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Caring for life and limb

In the records of Dáil parliamentary questions, a search for ‘prosthesis’ brings up a number of results and almost all describe the same problem: delays.

Delays for new prosthesis. Delays for replacement ones.

Minister Varadkar’s predecessor, Dr James Reilly, told the Dáil in 2012 that the HSE had “taken corrective action to address the issue of waiting times for new and replacement prostheses (in Cork and Kerry) and have succeeded in making significant progress in reducing the waiting times for prostheses”. However, a year later, an article in The Sunday Business Post reported that lengthy “delays in sanctioning prostheses for amputees have developed, with patients in parts of the country waiting up to 18 months for HSE approval”.

In 2012, patient group Amputee Ireland condemned the provision of services to amputees as “fragmented and inefficient,” claiming that some of its more than 4,500 members were waiting for up to a year for care.

“The current sanctioning approach is a continued source of worry, anxiety and concern for amputees and a source of complaints to the charity. Our members experience different processes, procedures and sanctioning timelines,” explained Mr Michael McWilliam of Amputee Ireland.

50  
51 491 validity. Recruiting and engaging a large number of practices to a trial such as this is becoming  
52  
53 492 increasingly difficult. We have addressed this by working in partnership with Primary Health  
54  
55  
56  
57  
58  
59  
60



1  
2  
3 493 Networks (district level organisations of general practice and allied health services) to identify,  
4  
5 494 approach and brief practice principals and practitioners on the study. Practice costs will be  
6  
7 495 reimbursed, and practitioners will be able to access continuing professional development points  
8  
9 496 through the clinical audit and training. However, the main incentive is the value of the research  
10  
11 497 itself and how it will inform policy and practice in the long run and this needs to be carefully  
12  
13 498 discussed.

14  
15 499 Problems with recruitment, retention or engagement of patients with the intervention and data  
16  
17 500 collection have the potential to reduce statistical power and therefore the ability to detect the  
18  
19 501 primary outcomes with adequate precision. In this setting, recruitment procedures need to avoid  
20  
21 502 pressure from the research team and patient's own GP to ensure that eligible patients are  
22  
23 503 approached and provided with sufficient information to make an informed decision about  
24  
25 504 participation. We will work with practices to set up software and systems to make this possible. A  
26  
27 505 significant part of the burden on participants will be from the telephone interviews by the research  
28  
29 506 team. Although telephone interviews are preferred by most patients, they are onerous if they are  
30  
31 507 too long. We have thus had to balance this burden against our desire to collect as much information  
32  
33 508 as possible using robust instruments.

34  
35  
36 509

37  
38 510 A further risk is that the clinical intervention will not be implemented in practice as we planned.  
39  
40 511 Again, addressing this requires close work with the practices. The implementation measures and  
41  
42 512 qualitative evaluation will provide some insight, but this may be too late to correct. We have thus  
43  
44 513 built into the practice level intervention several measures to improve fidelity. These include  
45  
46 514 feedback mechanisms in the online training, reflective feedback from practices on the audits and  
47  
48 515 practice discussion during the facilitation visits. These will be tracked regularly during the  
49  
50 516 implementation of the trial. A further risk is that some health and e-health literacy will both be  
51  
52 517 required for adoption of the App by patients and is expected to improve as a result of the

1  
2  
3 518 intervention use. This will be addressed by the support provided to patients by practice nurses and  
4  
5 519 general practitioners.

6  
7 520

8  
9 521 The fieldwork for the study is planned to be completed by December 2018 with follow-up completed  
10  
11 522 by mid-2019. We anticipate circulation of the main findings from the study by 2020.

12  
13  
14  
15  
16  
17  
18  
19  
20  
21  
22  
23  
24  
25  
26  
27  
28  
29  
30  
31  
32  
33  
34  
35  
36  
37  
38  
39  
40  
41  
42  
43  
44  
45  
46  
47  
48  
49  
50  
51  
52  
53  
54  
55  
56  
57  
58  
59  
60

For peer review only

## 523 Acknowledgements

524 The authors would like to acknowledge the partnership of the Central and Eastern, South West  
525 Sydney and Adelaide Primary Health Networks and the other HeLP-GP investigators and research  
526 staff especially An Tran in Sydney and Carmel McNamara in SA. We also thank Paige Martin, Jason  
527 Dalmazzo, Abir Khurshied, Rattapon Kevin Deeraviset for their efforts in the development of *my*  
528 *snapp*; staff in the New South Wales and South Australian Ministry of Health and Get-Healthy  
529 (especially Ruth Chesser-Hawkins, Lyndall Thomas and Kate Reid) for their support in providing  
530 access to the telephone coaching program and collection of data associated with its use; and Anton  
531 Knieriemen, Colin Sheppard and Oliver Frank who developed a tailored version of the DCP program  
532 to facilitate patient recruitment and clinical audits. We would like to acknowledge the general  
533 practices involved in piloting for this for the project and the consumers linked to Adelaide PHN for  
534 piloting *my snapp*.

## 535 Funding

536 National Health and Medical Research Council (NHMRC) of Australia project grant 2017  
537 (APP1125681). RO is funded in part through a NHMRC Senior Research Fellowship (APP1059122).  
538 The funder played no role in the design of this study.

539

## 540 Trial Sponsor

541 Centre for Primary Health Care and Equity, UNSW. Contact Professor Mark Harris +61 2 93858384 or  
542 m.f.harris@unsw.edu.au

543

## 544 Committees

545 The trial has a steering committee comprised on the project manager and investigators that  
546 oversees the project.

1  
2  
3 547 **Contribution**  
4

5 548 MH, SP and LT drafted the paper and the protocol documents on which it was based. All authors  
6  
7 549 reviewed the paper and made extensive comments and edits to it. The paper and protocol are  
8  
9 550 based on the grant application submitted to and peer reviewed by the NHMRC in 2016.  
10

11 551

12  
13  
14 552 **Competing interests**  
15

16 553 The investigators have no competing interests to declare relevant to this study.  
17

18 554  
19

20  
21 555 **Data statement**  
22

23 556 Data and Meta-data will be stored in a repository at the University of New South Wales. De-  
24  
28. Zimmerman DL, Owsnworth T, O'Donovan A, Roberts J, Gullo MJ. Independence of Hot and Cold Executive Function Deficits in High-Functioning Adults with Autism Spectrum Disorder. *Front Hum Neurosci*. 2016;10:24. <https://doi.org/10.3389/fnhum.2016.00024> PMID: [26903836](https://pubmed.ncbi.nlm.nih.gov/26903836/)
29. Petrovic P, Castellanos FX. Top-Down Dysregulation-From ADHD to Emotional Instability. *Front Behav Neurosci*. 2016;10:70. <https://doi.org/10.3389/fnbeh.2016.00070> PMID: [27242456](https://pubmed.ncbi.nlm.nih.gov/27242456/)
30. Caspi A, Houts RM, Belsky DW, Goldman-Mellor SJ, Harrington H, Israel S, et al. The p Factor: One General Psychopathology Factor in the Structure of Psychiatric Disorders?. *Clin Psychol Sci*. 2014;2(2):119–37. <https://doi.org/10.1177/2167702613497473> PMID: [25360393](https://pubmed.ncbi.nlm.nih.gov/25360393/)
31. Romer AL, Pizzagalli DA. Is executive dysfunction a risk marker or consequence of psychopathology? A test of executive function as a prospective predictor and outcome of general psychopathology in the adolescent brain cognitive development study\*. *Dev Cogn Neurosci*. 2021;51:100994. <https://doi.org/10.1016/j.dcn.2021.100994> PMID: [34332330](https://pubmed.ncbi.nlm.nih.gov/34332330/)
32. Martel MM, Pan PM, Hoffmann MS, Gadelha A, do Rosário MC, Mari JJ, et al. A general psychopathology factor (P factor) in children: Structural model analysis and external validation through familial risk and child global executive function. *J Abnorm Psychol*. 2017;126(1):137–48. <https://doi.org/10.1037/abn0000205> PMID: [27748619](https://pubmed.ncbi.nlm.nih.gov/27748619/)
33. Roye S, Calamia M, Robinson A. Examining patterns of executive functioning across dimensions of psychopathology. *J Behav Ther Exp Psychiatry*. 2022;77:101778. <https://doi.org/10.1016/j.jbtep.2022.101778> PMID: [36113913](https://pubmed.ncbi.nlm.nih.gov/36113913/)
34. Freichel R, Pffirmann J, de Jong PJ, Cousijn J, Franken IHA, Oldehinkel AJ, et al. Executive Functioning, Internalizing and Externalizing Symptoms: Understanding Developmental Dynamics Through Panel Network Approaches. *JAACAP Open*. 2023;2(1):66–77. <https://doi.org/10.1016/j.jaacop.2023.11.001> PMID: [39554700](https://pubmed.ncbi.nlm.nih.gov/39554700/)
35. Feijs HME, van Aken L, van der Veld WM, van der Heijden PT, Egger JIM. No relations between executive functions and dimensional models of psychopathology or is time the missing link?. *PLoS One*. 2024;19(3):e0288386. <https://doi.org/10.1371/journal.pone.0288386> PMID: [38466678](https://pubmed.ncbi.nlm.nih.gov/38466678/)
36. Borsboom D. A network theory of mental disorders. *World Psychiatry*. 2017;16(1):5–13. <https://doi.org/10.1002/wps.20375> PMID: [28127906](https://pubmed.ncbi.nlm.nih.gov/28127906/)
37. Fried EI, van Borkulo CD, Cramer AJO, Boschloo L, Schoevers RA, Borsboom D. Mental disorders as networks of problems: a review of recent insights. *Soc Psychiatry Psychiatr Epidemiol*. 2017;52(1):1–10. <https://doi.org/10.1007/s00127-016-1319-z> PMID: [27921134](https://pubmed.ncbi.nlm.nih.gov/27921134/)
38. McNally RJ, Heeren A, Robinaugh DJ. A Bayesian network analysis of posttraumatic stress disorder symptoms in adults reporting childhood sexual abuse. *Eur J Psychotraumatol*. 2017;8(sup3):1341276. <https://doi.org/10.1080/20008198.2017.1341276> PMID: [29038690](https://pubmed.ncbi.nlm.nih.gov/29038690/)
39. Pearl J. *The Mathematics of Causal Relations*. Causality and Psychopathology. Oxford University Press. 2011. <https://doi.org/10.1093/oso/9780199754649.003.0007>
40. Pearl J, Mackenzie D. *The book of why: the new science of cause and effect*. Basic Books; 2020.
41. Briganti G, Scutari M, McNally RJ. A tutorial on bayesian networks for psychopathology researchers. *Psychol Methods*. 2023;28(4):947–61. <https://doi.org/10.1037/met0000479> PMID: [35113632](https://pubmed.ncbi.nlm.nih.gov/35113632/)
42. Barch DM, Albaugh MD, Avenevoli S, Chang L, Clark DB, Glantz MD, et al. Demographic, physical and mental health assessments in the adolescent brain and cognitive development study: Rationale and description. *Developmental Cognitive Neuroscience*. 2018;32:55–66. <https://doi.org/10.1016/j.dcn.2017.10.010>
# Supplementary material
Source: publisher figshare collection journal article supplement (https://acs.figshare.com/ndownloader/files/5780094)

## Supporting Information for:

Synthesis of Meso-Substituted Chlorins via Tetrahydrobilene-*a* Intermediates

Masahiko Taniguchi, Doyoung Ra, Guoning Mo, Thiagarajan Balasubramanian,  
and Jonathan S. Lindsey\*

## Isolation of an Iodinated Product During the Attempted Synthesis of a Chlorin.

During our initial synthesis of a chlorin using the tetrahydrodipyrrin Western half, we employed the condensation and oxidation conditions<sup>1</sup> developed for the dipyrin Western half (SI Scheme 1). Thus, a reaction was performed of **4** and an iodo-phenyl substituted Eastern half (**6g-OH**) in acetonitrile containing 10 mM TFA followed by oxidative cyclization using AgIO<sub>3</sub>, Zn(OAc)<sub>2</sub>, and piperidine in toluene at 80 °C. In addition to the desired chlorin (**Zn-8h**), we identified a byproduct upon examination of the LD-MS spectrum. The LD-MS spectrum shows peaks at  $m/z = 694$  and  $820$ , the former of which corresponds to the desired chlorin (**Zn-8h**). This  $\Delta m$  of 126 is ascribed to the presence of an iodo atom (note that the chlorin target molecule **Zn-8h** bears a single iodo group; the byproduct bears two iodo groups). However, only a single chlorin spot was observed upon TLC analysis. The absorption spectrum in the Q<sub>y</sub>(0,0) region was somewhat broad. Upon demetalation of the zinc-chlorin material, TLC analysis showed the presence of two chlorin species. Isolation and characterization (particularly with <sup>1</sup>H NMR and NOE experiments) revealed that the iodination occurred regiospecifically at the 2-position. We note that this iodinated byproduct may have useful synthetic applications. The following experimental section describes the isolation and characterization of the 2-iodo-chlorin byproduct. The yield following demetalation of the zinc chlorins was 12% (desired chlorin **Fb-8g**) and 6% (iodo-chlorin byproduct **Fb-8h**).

He said at the time that these delays could range from 13 days in Donegal to 189 days in Wicklow.

“In many cases, delays of up to a year are experienced. For amputees, it is vital that delays and inconsistencies in the current system of sanctioning are improved and overcome.”

Two years later, these delays seem to be continuing.

Figures seen by the Medical Independent (MI) show that at the Independent Disablement Service (IDS) Ltd (a private specialist prosthetic/orthotics and footwear provider, located on the grounds of Cappagh Hospital), over a 22-month period the average time elapsing between the HSE receiving a quote for a prosthesis and a sanction being given was 61 days.

While 68 per cent receive sanction within eight weeks, 30 per cent get approval after that time. For these patients, 139 days was the average waiting time.

The other day, we received sanction for a child waiting since February for her ankle-foot orthosis. The budgets available to the local Health Boards sanctioning these are highly limited

However, a spokesperson for IDS Ltd said that these figures “only represent the clients we have seen and not the country or prosthetic services as a whole”.